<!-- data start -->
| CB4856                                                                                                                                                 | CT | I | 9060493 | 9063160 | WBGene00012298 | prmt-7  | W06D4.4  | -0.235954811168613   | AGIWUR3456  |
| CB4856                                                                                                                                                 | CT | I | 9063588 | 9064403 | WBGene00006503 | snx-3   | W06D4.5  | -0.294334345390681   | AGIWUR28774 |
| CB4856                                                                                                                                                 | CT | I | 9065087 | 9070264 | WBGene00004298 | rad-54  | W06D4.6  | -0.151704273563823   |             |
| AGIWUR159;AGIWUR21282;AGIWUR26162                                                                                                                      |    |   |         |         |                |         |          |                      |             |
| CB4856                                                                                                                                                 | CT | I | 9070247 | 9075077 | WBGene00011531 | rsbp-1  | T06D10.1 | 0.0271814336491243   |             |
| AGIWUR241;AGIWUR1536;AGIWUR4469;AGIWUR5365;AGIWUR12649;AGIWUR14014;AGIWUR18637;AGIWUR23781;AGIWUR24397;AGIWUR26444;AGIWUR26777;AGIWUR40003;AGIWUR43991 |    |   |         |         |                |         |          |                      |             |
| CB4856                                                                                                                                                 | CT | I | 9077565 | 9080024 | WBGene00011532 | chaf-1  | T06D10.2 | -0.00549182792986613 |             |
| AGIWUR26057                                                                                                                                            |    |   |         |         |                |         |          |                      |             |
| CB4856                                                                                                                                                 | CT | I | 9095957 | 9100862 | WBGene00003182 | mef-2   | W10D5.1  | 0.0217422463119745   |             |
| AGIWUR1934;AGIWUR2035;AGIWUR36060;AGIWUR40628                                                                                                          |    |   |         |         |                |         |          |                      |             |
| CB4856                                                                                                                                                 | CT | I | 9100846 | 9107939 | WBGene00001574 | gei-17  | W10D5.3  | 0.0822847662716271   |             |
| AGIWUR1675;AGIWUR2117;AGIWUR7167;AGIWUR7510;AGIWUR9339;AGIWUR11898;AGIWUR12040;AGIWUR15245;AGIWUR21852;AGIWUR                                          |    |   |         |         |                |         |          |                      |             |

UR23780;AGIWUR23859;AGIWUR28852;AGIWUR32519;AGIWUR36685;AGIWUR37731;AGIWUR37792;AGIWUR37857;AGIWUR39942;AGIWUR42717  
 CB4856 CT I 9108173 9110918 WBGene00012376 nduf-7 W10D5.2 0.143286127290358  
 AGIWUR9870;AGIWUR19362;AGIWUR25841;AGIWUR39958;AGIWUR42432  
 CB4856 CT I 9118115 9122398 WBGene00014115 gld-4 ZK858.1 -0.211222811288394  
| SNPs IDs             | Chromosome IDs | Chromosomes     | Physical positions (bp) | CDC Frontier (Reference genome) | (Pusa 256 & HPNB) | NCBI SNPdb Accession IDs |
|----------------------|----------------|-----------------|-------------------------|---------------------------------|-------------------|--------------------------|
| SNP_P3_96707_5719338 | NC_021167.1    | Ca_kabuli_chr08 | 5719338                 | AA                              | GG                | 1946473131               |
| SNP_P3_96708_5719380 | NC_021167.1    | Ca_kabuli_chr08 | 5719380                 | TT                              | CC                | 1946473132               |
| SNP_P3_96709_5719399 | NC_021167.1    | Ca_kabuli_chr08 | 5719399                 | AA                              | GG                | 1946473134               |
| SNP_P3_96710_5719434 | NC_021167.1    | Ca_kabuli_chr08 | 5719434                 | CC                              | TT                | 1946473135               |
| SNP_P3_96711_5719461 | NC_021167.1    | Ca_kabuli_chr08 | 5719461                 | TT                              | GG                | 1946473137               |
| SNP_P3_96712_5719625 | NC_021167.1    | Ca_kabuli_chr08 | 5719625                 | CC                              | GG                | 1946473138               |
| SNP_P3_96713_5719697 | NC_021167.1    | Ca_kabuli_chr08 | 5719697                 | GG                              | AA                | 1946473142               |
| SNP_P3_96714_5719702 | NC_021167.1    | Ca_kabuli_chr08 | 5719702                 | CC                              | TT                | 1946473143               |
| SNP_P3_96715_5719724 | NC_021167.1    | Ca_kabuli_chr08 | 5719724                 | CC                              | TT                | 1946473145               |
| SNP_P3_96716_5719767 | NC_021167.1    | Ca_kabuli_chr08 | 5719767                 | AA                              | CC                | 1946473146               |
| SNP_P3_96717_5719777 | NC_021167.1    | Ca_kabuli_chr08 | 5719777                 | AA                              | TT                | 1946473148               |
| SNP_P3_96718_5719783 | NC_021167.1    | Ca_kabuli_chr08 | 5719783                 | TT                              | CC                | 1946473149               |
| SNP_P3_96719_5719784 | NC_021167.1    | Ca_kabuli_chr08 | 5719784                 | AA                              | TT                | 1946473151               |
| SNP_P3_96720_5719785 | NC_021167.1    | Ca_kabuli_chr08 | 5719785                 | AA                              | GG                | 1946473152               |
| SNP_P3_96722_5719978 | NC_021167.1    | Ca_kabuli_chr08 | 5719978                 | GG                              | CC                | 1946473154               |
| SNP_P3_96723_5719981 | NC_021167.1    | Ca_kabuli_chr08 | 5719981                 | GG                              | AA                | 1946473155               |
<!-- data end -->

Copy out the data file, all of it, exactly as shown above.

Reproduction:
| CB4856                                                                                                                                                 | CT | I | 9060493 | 9063160 | WBGene00012298 | prmt-7  | W06D4.4  | -0.235954811168613   | AGIWUR3456  |
| CB4856                                                                                                                                                 | CT | I | 9063588 | 9064403 | WBGene00006503 | snx-3   | W06D4.5  | -0.294334345390681   | AGIWUR28774 |
| CB4856                                                                                                                                                 | CT | I | 9065087 | 9070264 | WBGene00004298 | rad-54  | W06D4.6  | -0.151704273563823   |             |
| AGIWUR159;AGIWUR21282;AGIWUR26162                                                                                                                      |    |   |         |         |                |         |          |                      |             |
| CB4856                                                                                                                                                 | CT | I | 9070247 | 9075077 | WBGene00011531 | rsbp-1  | T06D10.1 | 0.0271814336491243   |             |
| AGIWUR241;AGIWUR1536;AGIWUR4469;AGIWUR5365;AGIWUR12649;AGIWUR14014;AGIWUR18637;AGIWUR23781;AGIWUR24397;AGIWUR26444;AGIWUR26777;AGIWUR40003;AGIWUR43991 |    |   |         |         |                |         |          |                      |             |
| CB4856                                                                                                                                                 | CT | I | 9077565 | 9080024 | WBGene00011532 | chaf-1  | T06D10.2 | -0.00549182792986613 |             |
| AGIWUR26057                                                                                                                                            |    |   |         |         |                |         |          |                      |             |
| CB4856                                                                                                                                                 | CT | I | 9095957 | 9100862 | WBGene00003182 | mef-2   | W10D5.1  | 0.0217422463119745   |             |
| AGIWUR1934;AGIWUR2035;AGIWUR36060;AGIWUR40628                                                                                                          |    |   |         |         |                |         |          |                      |             |
| CB4856                                                                                                                                                 | CT | I | 9100846 | 9107939 | WBGene00001574 | gei-17  | W10D5.3  | 0.0822847662716271   |             |
| AGIWUR1675;AGIWUR2117;AGIWUR7167;AGIWUR7510;AGIWUR9339;AGIWUR11898;AGIWUR12040;AGIWUR15245;AGIWUR21852;AGIWUR                                          |    |   |         |         |                |         |          |                      |             |

UR23780;AGIWUR23859;AGIWUR28852;AGIWUR32519;AGIWUR36685;AGIWUR37731;AGIWUR37792;AGIWUR37857;AGIWUR39942;AGIWUR42717  
 CB4856 CT I 9108173 9110918 WBGene00012376 nduf-7 W10D5.2 0.143286127290358  
 AGIWUR9870;AGIWUR19362;AGIWUR25841;AGIWUR39958;AGIWUR42432  
 CB4856 CT I 9118115 9122398 WBGene00014115 gld-4 ZK858.1 -0.211222811288394  
| SNPs IDs             | Chromosome IDs | Chromosomes     | Physical positions (bp) | CDC Frontier (Reference genome) | (Pusa 256 & HPNB) | NCBI SNPdb Accession IDs |
|----------------------|----------------|-----------------|-------------------------|---------------------------------|-------------------|--------------------------|
| SNP_P3_96707_5719338 | NC_021167.1    | Ca_kabuli_chr08 | 5719338                 | AA                              | GG                | 1946473131               |
| SNP_P3_96708_5719380 | NC_021167.1    | Ca_kabuli_chr08 | 5719380                 | TT                              | CC                | 1946473132               |
| SNP_P3_96709_5719399 | NC_021167.1    | Ca_kabuli_chr08 | 5719399                 | AA                              | GG                | 1946473134               |
| SNP_P3_96710_5719434 | NC_021167.1    | Ca_kabuli_chr08 | 5719434                 | CC                              | TT                | 1946473135               |
| SNP_P3_96711_5719461 | NC_021167.1    | Ca_kabuli_chr08 | 5719461                 | TT                              | GG                | 1946473137               |
| SNP_P3_96712_5719625 | NC_021167.1    | Ca_kabuli_chr08 | 5719625                 | CC                              | GG                | 1946473138               |
| SNP_P3_96713_5719697 | NC_021167.1    | Ca_kabuli_chr08 | 5719697                 | GG                              | AA                | 1946473142               |
| SNP_P3_96714_5719702 | NC_021167.1    | Ca_kabuli_chr08 | 5719702                 | CC                              | TT                | 1946473143               |
| SNP_P3_96715_5719724 | NC_021167.1    | Ca_kabuli_chr08 | 5719724                 | CC                              | TT                | 1946473145               |
| SNP_P3_96716_5719767 | NC_021167.1    | Ca_kabuli_chr08 | 5719767                 | AA                              | CC                | 1946473146               |
| SNP_P3_96717_5719777 | NC_021167.1    | Ca_kabuli_chr08 | 5719777                 | AA                              | TT                | 1946473148               |
| SNP_P3_96718_5719783 | NC_021167.1    | Ca_kabuli_chr08 | 5719783                 | TT                              | CC                | 1946473149               |
| SNP_P3_96719_5719784 | NC_021167.1    | Ca_kabuli_chr08 | 5719784                 | AA                              | TT                | 1946473151               |
| SNP_P3_96720_5719785 | NC_021167.1    | Ca_kabuli_chr08 | 5719785                 | AA                              | GG                | 1946473152               |
| SNP_P3_96722_5719978 | NC_021167.1    | Ca_kabuli_chr08 | 5719978                 | GG                              | CC                | 1946473154               |
| SNP_P3_96723_5719981 | NC_021167.1    | Ca_kabuli_chr08 | 5719981                 | GG                              | AA                | 1946473155               |